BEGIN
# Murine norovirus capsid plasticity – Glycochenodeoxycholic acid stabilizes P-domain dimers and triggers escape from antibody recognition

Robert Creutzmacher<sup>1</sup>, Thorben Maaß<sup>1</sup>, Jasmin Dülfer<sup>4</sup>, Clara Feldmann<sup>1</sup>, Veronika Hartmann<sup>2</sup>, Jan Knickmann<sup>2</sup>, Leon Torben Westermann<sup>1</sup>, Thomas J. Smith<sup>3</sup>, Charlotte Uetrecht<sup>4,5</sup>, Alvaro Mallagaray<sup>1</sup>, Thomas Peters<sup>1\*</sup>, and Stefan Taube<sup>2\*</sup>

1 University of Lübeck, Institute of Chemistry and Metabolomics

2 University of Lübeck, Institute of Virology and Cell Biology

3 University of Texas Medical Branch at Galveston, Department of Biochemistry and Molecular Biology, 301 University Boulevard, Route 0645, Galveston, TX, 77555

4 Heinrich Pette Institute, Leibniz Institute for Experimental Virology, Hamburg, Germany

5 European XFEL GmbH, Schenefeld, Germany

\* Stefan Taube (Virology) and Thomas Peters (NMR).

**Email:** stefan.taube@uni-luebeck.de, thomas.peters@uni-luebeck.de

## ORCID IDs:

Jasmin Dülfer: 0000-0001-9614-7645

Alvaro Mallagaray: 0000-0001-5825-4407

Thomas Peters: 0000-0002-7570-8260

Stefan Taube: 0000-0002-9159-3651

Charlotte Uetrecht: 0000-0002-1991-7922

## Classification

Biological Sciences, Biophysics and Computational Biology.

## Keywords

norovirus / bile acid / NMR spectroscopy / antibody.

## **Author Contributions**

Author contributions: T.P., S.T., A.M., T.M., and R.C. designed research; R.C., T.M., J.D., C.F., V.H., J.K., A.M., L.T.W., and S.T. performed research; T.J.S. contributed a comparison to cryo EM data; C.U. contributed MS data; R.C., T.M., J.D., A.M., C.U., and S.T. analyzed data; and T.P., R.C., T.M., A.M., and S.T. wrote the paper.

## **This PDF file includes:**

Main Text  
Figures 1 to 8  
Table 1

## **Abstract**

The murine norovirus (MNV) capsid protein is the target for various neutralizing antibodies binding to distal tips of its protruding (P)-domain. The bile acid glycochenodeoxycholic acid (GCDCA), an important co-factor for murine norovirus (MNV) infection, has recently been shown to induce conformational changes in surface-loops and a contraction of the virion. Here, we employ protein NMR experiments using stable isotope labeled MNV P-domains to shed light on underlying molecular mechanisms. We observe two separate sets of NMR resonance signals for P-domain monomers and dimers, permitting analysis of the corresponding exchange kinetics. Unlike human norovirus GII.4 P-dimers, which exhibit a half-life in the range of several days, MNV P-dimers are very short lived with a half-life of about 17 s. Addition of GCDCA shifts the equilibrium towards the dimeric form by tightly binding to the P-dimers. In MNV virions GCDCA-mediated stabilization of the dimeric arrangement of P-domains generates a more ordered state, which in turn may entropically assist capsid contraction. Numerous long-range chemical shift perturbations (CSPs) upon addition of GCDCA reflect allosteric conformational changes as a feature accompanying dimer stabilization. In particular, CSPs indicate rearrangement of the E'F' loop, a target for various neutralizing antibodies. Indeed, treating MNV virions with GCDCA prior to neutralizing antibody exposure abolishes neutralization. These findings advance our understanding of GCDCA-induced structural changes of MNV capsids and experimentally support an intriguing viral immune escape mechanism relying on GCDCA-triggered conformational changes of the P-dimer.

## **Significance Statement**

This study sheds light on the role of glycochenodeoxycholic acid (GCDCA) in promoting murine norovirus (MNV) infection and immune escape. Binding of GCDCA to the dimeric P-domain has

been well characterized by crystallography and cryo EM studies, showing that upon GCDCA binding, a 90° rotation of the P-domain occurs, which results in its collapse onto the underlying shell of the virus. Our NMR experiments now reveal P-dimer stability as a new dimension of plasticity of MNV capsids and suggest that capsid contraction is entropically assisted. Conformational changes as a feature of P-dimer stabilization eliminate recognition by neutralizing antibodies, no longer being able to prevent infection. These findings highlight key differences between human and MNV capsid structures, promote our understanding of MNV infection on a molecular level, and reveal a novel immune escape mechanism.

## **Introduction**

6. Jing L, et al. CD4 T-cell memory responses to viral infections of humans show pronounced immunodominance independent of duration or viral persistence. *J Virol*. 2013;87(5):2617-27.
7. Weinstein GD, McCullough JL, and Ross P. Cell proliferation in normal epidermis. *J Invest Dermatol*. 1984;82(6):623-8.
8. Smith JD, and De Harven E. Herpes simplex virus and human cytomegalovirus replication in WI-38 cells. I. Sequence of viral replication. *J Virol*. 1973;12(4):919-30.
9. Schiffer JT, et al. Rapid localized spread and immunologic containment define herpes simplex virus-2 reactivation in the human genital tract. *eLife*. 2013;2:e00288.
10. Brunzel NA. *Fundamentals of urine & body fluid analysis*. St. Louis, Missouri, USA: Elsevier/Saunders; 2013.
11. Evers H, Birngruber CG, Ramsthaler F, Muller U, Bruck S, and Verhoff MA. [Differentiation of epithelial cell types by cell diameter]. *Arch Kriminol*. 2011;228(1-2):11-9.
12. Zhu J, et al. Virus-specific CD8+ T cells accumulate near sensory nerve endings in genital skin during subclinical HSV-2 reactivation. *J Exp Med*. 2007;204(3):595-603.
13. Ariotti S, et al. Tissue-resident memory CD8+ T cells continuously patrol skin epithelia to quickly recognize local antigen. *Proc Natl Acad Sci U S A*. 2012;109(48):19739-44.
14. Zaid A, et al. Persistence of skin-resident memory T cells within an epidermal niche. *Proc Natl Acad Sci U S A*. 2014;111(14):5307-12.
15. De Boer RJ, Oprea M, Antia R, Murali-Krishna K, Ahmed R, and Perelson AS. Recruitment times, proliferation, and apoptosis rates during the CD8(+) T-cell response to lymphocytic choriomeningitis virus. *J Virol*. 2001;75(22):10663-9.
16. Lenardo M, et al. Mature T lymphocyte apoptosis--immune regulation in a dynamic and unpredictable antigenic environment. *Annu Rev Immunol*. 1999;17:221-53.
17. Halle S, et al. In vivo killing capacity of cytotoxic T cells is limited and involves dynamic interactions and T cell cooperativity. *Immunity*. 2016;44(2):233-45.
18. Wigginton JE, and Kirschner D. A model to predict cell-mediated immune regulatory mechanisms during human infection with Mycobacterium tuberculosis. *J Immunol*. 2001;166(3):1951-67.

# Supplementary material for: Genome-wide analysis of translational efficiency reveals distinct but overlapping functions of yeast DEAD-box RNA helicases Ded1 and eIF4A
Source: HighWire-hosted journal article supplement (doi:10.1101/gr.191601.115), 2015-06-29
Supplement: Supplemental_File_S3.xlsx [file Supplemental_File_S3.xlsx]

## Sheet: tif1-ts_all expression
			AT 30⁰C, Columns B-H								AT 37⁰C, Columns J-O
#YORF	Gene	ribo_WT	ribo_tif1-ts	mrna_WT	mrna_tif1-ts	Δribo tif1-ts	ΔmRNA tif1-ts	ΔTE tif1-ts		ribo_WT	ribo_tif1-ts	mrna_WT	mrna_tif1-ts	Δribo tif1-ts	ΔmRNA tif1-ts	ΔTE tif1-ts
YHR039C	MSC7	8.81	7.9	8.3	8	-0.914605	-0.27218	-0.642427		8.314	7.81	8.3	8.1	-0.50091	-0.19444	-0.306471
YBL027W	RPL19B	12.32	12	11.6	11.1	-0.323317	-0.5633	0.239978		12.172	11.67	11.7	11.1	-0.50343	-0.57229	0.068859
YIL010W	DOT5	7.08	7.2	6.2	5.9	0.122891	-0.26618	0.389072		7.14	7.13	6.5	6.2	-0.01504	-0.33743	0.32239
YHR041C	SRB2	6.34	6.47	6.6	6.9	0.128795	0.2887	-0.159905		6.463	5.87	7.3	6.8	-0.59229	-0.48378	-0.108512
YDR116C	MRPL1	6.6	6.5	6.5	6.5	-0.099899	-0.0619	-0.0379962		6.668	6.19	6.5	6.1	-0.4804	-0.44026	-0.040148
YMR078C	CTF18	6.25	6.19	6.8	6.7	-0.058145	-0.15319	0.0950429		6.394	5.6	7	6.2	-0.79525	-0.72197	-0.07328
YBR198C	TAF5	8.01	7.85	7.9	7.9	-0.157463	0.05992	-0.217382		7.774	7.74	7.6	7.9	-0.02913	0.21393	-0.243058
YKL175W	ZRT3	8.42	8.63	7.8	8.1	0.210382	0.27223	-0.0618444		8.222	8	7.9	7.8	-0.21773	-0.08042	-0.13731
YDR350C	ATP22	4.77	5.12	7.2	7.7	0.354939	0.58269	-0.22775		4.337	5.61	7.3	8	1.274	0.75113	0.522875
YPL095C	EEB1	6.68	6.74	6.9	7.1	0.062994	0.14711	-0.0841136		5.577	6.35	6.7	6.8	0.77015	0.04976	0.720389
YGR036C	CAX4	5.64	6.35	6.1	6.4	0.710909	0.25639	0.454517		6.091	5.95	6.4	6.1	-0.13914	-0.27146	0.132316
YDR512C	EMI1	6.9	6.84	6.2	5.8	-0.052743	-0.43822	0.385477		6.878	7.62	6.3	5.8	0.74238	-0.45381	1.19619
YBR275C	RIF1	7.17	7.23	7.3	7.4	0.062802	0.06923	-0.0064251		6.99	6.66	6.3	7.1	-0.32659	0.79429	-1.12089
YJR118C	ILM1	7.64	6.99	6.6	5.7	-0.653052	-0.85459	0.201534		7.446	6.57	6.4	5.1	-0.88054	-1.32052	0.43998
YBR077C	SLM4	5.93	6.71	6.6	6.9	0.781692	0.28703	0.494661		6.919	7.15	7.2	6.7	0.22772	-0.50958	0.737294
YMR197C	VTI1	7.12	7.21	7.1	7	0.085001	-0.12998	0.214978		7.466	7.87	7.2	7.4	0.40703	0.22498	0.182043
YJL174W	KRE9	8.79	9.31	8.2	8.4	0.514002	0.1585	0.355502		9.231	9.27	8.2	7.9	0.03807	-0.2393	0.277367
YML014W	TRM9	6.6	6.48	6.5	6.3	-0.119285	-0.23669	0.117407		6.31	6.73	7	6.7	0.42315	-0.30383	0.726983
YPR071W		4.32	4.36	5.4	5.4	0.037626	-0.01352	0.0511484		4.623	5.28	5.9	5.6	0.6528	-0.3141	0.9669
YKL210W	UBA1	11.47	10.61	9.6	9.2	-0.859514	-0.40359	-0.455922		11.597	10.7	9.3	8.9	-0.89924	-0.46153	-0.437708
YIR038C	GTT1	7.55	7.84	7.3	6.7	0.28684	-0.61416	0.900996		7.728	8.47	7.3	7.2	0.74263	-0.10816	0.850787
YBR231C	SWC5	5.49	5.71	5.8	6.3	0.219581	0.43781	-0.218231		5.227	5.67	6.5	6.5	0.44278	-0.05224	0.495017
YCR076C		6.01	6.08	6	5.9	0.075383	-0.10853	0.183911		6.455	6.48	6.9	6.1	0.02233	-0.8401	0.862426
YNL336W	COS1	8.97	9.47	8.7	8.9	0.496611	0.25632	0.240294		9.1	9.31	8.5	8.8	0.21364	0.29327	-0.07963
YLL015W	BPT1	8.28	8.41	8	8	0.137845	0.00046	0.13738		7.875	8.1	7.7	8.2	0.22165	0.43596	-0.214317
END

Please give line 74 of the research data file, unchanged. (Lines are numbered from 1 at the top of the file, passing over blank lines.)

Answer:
YNL336W	COS1	8.97	9.47	8.7	8.9	0.496611	0.25632	0.240294		9.1	9.31	8.5	8.8	0.21364	0.29327	-0.07963